Can the Internal Revenue Service handle tax credit programs that pump out billions of dollars to homeowners and buyers? A new federal investigation on home energy tax credits suggests the answer may be: Not quite yet.I propose we punish the IRS with a one-year, unpaid hiatus.
The Treasury Department's inspector general for tax administration audited the residential tax credit program, created by Congress to encourage homeowners to install energy-saving equipment and materials in their houses, and found some disturbing oversights.
One part of the program offers 30% credits — with no dollar limit — for solar energy systems, geothermal heat pumps, wind turbines and fuel cells installed before Dec. 31, 2016. A second part of the program — for energy-efficiency home improvements — offered credits up to $1,500 for qualifying exterior windows and doors, insulation and roofing materials.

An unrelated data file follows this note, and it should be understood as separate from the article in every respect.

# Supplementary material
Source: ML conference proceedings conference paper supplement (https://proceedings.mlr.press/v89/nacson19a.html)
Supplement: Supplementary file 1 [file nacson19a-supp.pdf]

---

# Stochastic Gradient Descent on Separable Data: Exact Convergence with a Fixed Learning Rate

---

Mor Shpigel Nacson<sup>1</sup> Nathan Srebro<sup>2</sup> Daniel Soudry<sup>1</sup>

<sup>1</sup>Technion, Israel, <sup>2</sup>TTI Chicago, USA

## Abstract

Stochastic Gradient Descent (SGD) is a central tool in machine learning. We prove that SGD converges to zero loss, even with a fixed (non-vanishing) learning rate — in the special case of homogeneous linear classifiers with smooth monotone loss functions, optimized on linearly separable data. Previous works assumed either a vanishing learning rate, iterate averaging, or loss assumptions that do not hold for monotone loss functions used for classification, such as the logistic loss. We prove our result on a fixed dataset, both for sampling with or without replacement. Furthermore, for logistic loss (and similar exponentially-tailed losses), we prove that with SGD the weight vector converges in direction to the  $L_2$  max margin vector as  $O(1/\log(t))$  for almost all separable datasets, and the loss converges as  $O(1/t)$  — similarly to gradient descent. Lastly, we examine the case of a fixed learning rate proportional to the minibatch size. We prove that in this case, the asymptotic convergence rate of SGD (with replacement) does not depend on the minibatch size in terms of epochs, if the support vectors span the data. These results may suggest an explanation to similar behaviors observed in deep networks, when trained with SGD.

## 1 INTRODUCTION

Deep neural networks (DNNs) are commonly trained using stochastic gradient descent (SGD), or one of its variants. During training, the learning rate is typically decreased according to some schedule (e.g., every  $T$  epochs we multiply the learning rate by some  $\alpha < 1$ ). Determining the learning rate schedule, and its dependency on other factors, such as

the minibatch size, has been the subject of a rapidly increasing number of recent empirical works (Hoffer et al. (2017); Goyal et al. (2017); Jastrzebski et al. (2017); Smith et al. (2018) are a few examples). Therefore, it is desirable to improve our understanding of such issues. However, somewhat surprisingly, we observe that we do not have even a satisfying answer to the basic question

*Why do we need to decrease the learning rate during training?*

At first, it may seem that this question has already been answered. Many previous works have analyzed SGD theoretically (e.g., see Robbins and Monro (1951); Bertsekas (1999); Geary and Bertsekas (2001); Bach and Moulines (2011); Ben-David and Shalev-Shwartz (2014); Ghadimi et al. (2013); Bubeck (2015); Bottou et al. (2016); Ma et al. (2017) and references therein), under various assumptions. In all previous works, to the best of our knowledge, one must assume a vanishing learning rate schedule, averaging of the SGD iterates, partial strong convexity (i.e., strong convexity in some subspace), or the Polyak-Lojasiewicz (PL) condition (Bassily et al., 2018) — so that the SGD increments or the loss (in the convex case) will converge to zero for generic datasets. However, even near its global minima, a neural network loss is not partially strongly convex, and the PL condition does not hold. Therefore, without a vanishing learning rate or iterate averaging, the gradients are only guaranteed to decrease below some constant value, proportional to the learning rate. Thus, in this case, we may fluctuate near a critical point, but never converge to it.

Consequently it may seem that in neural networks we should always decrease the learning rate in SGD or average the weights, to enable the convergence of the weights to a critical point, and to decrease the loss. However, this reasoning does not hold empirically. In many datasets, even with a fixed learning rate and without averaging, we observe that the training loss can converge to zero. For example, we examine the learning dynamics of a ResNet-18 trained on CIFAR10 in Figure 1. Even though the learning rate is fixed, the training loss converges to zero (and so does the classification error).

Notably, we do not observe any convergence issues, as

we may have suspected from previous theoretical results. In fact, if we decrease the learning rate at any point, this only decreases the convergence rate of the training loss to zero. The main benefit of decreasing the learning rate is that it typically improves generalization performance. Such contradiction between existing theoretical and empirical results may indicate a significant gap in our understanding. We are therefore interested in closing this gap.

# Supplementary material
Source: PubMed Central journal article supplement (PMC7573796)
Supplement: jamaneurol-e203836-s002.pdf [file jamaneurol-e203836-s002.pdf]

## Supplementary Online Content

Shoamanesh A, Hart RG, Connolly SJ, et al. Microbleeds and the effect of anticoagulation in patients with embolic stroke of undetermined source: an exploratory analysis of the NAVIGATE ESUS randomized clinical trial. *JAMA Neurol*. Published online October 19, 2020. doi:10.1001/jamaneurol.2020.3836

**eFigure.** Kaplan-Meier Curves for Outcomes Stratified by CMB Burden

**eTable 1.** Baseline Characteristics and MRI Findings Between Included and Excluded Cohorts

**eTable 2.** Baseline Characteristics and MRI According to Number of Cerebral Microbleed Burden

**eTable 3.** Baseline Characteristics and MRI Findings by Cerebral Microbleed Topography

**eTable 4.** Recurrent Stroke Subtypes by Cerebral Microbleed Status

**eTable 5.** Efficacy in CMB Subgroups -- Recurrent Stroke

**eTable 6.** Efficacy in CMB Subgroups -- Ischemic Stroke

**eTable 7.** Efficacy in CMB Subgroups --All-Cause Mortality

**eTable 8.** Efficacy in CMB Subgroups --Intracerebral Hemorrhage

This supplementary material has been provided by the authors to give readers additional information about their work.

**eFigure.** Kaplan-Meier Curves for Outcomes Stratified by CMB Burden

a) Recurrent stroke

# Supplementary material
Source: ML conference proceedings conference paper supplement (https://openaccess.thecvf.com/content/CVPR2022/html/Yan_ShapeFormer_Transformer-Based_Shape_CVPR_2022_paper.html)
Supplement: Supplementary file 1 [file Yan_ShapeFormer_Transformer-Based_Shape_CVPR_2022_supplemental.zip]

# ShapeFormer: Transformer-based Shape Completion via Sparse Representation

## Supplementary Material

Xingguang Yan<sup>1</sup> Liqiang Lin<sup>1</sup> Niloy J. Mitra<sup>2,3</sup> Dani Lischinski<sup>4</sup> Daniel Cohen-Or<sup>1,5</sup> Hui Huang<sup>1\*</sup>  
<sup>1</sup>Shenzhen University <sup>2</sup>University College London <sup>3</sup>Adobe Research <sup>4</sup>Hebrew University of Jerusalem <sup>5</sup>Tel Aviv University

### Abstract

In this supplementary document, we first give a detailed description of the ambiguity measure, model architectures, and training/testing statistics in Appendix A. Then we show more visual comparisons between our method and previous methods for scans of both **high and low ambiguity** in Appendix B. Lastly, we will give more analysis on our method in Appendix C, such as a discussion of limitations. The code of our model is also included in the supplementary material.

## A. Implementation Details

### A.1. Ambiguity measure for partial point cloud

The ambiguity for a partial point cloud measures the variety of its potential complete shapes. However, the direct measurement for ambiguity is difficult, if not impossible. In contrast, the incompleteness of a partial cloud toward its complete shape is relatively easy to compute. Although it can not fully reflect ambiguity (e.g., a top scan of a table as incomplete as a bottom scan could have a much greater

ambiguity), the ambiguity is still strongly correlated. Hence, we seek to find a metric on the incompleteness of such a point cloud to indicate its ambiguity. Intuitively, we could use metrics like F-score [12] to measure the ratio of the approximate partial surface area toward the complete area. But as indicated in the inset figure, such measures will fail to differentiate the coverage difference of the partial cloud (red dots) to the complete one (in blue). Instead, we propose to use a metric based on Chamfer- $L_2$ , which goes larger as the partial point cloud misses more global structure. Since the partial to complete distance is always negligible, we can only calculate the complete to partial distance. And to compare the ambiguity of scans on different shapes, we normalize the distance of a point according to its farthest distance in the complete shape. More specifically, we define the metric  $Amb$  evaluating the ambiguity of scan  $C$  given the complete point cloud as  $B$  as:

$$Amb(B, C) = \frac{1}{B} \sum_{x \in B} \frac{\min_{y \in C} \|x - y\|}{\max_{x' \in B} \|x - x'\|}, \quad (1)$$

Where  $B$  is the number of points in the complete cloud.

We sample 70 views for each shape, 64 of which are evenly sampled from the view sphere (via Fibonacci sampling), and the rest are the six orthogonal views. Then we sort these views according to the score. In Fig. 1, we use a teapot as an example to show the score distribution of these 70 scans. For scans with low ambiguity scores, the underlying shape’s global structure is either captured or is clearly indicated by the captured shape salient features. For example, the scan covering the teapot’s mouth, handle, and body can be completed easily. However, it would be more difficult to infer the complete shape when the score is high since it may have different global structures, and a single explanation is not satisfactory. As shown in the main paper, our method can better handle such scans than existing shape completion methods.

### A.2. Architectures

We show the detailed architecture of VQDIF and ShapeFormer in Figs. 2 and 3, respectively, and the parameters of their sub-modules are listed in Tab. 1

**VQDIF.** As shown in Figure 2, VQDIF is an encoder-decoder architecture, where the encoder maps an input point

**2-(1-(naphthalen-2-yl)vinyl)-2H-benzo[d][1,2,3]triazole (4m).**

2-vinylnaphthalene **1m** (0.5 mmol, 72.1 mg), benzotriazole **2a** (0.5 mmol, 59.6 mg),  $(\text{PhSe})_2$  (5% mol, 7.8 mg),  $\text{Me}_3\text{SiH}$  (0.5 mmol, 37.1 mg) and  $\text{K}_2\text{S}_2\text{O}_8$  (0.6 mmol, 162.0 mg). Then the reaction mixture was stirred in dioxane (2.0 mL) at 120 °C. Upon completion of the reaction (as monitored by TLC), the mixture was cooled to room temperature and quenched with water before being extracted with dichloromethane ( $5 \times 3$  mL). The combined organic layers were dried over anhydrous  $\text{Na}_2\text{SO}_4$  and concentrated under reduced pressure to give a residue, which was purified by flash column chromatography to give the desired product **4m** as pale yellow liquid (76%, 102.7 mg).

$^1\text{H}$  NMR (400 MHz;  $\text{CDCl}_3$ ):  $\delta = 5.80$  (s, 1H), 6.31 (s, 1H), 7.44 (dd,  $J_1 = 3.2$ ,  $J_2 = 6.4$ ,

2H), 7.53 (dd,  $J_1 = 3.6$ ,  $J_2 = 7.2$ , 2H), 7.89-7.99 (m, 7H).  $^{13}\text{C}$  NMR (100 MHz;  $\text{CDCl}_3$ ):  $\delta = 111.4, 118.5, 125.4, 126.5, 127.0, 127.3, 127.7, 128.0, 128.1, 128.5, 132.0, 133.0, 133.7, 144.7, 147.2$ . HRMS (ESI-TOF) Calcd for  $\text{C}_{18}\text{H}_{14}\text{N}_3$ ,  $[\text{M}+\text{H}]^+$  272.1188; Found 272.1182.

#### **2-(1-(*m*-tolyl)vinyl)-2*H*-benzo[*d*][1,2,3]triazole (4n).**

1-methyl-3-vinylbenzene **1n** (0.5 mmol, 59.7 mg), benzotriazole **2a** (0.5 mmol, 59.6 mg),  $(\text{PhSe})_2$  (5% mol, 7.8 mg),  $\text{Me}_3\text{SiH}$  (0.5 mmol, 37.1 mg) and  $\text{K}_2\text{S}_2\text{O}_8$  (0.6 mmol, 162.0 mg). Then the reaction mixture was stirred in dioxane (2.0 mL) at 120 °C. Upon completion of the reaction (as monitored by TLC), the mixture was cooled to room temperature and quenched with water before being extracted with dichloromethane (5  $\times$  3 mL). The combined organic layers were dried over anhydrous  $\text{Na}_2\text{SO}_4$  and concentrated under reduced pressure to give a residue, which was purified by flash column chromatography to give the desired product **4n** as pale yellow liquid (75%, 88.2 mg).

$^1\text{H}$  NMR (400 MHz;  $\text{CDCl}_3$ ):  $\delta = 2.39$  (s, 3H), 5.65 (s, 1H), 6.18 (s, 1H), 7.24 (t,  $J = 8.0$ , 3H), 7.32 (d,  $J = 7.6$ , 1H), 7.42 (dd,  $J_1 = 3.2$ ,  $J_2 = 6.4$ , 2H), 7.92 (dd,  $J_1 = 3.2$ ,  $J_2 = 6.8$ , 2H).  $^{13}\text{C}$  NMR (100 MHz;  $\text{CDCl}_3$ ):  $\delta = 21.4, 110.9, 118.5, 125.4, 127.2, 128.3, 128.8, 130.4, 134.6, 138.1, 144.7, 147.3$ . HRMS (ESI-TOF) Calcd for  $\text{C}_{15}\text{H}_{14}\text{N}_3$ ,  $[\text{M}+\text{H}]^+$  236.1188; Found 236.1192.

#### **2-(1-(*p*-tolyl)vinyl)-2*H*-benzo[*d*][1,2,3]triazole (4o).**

Both credits have been popular. More than 6.8 million taxpayers received credits during tax year 2009, totaling $5.8 billion through December 2010. But substantial numbers of the filings had problems that went undetected by the IRS, according to the inspector general's investigation. In a review of 5 million returns, auditors found that more than 302,000 taxpayers, who received a total of $234 million in credits from the IRS, showed no evidence of owning a home — the minimum requirement for eligibility.
A review of a smaller sample of returns, supplemented with local real estate property deed information, found that 30% "had no record of owning a home."
h/t: Ben Cunningham.